How to Make the Most of Book Expo america (or other large trade shows)
While BEA is the place to make connections to agents and publishers, this event can be quite intimidating. It’s full of over-stimulation, with thousands of people running in all directions. The Expo goes non-stop every day for the entire three days. There also are educational events and parties each evening.
Publishing houses and literary agents are not always easy to approach, as they are primarily interested in promoting the work of their current clients. Here are a few tips to increase your chances of making the connections you want:
1 · Know what to expect from BEA and make a plan of attack for your time there. Pace yourself and know what you must do and what you would like to do if time permits.
2 · Do your research in advance. Come with a list a preferred publishers right for your book. If possible, make appointments to meet acquisition editors at the Expo.
3 · Create a book proposal to maximize your preparation to meet publishers. Not only do you want to have a proposal prepared so that you can send the proposal to the publisher as soon as the Expo ends, but also going through the book proposal process will prepare you to answer any questions the publisher will naturally will ask you (the audience, the size of the market, competitive titles, your platform). It is rare for a publisher to ask for your proposal, manuscript or book at the Expo, but make sure you bring them just in case.
4 · Create a sell sheet to leave with interested publishers and others. It will work for you long after the Expo is over. Giving them only one sheet of paper with all of your relevant information shows them that you understand that they are overwhelmed with books and paper at the Expo and that you recognize the demands on their time and will be there later when they have the time to talk with you in more depth.
5 · Prepare a sound-bite pitch about your project to present to publishers. Just 200 words, or something you can say in less than 15 seconds. Prepare to answer follow-up questions.
6 · Get your registration badge and program the day before the Expo opening, if possible. Take time to study the map and the program. Each exhibitor is described and the exhibitor representatives at the booth are identified by name and title. You can use this information to know who you would like to connect with at the booth.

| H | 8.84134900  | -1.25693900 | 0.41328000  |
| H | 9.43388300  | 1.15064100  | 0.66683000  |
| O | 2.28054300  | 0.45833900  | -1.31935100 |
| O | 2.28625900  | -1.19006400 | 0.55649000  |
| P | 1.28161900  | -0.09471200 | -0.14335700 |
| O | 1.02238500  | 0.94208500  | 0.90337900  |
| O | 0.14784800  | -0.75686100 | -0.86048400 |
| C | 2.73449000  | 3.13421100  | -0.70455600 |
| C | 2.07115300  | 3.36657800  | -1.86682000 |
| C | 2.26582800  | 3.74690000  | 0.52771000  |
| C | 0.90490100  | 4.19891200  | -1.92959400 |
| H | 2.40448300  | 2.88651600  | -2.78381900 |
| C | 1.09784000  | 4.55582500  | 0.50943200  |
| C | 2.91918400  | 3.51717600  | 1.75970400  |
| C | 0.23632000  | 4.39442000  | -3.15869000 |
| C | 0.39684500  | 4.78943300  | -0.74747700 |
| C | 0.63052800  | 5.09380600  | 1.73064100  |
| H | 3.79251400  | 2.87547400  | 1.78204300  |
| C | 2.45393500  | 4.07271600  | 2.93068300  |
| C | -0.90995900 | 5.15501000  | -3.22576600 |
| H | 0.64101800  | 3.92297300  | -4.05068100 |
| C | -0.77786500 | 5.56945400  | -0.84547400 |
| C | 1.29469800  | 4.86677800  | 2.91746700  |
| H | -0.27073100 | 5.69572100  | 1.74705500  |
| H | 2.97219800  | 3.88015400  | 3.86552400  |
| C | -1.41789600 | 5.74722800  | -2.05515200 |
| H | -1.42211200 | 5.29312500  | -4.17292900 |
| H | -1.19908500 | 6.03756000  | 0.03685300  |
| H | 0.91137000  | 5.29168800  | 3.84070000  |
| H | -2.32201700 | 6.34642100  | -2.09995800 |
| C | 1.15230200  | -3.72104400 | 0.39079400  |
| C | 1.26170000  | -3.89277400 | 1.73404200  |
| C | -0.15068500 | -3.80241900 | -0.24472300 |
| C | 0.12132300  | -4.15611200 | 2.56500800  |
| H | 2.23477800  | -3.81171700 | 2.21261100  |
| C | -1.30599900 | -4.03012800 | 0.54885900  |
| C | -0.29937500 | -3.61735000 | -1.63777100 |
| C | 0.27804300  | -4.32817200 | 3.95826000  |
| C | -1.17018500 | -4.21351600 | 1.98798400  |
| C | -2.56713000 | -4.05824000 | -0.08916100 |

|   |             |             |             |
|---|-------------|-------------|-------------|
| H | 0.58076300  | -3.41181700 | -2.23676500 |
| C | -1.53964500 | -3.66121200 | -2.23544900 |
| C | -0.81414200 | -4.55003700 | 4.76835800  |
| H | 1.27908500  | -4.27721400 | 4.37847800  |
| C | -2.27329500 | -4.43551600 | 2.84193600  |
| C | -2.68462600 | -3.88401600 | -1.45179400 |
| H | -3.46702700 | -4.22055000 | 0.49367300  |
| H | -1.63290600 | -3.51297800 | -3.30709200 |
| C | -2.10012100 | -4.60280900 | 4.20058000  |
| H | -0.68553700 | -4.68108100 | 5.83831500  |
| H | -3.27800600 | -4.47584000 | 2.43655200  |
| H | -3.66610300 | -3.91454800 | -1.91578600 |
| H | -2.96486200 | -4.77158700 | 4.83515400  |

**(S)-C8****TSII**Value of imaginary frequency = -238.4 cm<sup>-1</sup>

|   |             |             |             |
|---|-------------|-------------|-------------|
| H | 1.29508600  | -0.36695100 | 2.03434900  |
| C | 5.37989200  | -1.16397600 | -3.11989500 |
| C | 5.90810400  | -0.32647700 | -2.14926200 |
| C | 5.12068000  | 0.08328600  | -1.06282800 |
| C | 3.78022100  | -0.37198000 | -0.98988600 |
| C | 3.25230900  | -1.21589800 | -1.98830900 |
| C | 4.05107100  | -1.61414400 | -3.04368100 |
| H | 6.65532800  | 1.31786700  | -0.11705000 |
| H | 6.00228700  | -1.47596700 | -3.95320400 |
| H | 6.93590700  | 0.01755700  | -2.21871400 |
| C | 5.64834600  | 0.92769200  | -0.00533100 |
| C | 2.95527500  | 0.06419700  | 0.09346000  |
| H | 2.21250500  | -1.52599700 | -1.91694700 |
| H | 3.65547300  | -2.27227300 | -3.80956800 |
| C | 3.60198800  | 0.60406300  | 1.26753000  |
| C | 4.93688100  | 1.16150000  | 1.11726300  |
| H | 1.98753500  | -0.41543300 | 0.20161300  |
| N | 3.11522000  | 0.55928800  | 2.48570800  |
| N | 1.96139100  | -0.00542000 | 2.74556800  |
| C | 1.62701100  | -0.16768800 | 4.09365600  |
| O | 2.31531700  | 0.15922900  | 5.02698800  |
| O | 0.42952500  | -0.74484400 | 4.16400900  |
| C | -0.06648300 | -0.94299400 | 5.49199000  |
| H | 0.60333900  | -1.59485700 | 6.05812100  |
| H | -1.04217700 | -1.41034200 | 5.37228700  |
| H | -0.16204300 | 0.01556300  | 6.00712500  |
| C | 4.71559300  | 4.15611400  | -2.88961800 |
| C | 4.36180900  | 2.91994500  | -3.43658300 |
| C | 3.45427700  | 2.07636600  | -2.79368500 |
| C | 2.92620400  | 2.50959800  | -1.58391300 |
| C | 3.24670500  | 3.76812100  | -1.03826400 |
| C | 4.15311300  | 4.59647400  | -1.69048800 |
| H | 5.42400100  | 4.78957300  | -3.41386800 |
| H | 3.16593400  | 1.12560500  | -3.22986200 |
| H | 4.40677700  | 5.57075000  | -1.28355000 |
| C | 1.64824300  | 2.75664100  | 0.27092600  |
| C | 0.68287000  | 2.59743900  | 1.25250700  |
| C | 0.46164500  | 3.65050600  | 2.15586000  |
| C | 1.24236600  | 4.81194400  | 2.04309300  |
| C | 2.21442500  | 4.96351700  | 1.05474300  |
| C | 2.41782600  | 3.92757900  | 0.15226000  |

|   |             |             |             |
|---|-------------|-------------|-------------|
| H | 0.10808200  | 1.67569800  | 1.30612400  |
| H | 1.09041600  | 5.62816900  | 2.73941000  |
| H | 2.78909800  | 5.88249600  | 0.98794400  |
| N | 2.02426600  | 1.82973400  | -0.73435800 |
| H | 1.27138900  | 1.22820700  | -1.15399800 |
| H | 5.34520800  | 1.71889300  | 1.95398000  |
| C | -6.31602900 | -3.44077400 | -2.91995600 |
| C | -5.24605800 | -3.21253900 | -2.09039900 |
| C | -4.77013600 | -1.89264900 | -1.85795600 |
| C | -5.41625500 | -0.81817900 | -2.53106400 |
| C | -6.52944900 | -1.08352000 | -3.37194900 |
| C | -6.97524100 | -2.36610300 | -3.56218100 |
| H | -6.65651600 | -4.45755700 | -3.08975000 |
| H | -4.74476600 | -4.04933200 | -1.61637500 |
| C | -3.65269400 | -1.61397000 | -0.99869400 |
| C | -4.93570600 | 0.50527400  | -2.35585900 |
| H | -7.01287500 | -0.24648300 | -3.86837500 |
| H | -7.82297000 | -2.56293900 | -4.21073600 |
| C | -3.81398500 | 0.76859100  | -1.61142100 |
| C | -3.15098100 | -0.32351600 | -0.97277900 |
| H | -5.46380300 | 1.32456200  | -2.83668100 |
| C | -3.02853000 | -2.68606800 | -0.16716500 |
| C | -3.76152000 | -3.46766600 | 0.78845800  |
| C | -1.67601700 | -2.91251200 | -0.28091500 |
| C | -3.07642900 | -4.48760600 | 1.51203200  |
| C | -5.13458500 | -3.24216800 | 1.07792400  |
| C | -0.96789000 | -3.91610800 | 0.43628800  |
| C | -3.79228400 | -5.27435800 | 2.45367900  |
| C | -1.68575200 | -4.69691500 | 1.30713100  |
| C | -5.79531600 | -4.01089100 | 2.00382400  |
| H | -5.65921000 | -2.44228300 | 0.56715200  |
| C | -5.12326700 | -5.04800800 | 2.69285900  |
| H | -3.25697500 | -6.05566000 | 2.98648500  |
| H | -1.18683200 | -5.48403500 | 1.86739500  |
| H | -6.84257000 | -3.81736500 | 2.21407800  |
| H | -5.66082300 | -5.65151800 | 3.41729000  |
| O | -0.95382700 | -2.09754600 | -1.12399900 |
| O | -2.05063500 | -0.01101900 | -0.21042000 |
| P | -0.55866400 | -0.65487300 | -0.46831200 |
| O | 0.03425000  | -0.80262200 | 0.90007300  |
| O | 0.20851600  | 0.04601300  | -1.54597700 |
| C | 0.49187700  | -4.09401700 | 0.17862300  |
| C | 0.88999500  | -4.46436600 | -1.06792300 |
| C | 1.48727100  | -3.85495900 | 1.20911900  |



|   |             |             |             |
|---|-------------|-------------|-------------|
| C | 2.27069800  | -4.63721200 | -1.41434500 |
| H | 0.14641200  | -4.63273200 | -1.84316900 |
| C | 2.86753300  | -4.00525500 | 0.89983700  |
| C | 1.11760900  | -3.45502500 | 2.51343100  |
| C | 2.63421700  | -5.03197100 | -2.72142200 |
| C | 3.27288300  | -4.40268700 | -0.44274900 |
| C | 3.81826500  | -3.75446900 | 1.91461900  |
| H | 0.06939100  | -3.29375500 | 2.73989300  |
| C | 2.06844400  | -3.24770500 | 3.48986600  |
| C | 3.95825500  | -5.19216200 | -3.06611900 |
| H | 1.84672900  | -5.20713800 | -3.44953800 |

7 · Pitch your project to the editors at your preferred publishers at times when they are least likely to be busy with booksellers – probably early morning. Be aware that the primary staff at each booth will be sales reps selling their books to retail and other booksellers. Be friendly and conscious of what their mission is and ask if you can speak to an editor.
8 · Collect catalogs and business cards from everyone who indicates they are interested in you or your book. Make a note on the back of each card so you will remember what you need to do when you get home. Come prepared with labels to be able to ship things home that you cannot carry in your luggage. You can accumulate many free books, as well as catalogs at BEA.
9 · Attend educational and social events. You are just as likely to meet an editor or media representative there as you are at exhibit booths. Be personable and friendly, not pushy and insistent.
10 · Have fun and don’t expect to walk away with a publishing contract. Don’t look at this as your only opportunity to sell your book – it isn’t. Your goal at the Expo is to allow people to get to know you and have a face to put with the name on your book proposal or book. You are starting relationships you hope will turn into book contracts.
11 · Follow up as soon as you can after returning home. The best way to make sure your time was well-spent is to do what you committed to doing at the Expo. Many good first impressions have resulted in book contracts. This is your opportunity to differentiate yourself from the thousands of authors who are only known to publishers on paper.
12 · Don’t go it alone. Join peers for the guided tour experience offered by AuthorSmart.com. Learn more at www.authorsmartlive.com
By Gail Richards
Tools for your publishing journey